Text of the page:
• United States
by Travis Berkley, Network World Lab Alliance

Oracle Collaboration Suite

Aug 23, 200410 mins
Collaboration SoftwareEnterprise ApplicationsOracle

Oracle's take on enterprise collaboration impresses

Oracle’s take on enterprise collaboration impresses.

Collaboration between colleagues often means sending files through e-mail and hoping they don’t get lost in the ever-growing wasteland of the in-box. To solve this, Oracle offers its Oracle Collaboration Suite, a comprehensive set of tools to help companies manage information across whatever boundaries they might have.

Tools such as Web conferencing, e-mail, calendaring, file storage  and content searching are provided in an environment that lets data get stored, shared and ultimately found by those who need it.

The Oracle Hosted Pilot Program

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How we did it

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We recently tested (see How we did it ) the OCS and found it to be a solid performer, offering a number of good tools that let workers share information and find data within a company. Its variety of access methods (through the Web or with a desktop client or even PDA or cell phone) also impressed us.

Building the framework

The OCS is built on the Oracle Database and the Oracle Application Server products. OCS can be accessed through a customizable Web portal, using applets to access the calendar, e-mail and other functions. Alternatively, there are stand-alone applications available to access the calendar, and various e-mail clients can connect using POP or Internet Message Access Protocol (IMAP ).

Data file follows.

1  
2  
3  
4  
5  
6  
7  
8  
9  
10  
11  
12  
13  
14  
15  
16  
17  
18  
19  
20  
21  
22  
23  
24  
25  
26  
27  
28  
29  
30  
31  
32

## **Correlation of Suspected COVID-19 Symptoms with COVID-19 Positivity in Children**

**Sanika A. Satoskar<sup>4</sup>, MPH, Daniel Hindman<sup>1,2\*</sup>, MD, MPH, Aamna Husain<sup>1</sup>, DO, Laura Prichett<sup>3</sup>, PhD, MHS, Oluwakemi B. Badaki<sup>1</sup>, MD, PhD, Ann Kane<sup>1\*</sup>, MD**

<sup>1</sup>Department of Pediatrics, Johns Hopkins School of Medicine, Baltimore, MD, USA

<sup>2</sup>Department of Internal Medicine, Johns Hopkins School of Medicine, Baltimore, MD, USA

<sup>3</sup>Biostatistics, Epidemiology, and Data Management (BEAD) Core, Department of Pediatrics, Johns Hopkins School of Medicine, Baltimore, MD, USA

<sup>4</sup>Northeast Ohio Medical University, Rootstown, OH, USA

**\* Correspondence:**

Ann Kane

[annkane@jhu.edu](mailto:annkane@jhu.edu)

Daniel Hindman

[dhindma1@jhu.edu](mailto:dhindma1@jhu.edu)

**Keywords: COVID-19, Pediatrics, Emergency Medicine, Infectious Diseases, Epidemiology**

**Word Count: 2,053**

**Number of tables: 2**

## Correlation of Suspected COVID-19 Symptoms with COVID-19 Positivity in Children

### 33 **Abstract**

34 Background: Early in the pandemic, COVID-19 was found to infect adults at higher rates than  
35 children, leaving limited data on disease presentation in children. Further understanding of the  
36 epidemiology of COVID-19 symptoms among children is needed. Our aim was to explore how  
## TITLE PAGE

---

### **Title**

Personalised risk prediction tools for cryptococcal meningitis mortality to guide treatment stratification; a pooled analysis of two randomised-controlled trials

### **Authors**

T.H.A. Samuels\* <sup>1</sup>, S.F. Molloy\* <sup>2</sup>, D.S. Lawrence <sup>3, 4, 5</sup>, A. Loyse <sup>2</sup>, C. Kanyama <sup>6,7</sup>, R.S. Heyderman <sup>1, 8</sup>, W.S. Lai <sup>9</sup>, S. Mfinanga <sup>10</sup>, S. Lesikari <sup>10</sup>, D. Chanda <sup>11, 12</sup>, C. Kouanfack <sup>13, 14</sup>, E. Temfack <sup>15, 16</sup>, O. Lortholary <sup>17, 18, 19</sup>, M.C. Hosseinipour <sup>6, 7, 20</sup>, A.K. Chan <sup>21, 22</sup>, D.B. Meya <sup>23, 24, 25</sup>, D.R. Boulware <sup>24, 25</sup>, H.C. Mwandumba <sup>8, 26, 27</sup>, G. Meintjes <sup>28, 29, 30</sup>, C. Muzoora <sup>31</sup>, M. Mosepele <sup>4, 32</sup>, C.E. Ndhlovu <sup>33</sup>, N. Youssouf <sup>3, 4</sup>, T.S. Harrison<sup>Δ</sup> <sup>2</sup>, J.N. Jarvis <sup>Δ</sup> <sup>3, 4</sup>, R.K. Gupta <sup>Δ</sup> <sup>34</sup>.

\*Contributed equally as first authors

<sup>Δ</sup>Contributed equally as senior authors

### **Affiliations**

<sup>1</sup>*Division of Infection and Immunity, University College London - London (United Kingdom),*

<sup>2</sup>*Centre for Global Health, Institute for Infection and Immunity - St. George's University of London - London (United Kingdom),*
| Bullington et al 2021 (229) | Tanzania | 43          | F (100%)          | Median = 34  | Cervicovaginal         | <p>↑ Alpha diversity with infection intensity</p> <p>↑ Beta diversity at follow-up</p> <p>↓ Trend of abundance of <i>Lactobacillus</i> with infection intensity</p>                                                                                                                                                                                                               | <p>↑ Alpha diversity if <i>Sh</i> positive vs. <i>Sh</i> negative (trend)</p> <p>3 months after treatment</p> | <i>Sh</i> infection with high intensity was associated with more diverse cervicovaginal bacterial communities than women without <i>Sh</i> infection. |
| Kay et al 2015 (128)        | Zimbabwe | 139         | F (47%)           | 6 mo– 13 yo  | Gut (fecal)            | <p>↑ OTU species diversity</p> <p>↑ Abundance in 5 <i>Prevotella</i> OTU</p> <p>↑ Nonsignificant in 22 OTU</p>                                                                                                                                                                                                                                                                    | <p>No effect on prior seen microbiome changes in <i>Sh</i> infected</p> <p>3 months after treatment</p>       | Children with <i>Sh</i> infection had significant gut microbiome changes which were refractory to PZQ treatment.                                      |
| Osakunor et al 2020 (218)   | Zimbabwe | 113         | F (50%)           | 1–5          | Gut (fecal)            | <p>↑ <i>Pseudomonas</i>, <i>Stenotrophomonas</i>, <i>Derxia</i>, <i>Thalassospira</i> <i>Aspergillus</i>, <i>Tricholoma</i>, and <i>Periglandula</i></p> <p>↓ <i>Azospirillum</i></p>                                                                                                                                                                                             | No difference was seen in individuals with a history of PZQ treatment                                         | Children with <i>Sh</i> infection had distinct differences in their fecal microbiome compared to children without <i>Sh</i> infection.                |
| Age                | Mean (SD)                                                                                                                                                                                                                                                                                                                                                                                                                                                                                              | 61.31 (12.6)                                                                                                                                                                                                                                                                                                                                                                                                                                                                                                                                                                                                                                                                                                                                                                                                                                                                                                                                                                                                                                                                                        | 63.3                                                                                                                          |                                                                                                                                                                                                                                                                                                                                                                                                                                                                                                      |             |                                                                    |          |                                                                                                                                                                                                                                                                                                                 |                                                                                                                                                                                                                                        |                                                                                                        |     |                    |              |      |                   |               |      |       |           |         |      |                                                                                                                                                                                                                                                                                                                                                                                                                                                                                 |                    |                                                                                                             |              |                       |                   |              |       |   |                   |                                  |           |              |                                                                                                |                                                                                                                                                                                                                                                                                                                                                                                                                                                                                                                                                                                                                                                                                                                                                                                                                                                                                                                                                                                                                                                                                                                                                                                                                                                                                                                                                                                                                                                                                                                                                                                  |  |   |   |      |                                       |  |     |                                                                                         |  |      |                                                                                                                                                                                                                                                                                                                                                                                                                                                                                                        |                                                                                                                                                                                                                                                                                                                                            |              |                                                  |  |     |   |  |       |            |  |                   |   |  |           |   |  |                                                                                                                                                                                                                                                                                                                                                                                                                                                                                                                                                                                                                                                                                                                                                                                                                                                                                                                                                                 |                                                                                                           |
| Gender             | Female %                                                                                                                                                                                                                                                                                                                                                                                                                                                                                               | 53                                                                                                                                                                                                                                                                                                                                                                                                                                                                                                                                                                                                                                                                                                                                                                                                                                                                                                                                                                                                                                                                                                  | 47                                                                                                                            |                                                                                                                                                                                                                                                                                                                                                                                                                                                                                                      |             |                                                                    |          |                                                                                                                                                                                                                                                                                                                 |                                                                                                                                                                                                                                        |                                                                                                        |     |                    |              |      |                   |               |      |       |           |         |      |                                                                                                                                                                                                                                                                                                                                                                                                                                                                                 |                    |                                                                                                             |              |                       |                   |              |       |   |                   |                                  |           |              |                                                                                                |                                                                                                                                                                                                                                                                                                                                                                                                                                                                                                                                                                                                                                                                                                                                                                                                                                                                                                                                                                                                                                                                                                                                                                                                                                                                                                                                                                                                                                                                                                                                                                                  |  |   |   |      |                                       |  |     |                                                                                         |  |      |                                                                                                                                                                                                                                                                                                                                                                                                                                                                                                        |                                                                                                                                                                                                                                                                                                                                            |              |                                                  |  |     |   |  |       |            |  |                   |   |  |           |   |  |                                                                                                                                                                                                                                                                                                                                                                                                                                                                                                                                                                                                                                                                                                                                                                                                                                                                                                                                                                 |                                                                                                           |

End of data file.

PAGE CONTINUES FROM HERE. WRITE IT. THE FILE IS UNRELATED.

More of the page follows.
Rather than install OCS ourselves, we used Oracle’s Hosted Pilot program. This program lets potential OCS customers take OCS for a “test drive” (see story ). Using the Hosted Pilot, we accessed all parts of the OCS just as if it were installed locally in our lab.

The OCS administration is very detailed. After the installation, there was a small group of administrator accounts with complete control over each applet. But additional administrators can be created within each applet. This gives the ability to grant one user the rights to provision calendar accounts, but maybe a different user to provision e-mail privileges. Or, perhaps you need different administrators for each department. OCS gives you the flexibility to assign rights in whatever ways your business requires.

The “gotcha” was in switching between different users. OCS relies on Web browser cookies to keep track of who is signed on. It is a best practice to completely close the browser, thus clearing your session cookies, before trying to switch users. This only will be an issue if you find yourself switching between privileged and unprivileged accounts, or if there is a machine that is shared among users.

Web conferencing

The first tool that one thinks of when you use the word collaboration is Web conference. OCS is no exception, offering Web conferencing with the standard array of functions such as application sharing, whiteboarding and chat.

A small console in the form of an executable is downloaded when a new user enters a conference. From there, the conference presenter can share application windows or their entire desktop. The presenter can maintain control of the whiteboard, or it can be shared with others. Public and private chat sessions also can be launched, and it has the ability to conduct polls. The presenter can coordinate the viewing of a Web page or a document that was loaded into the conference beforehand.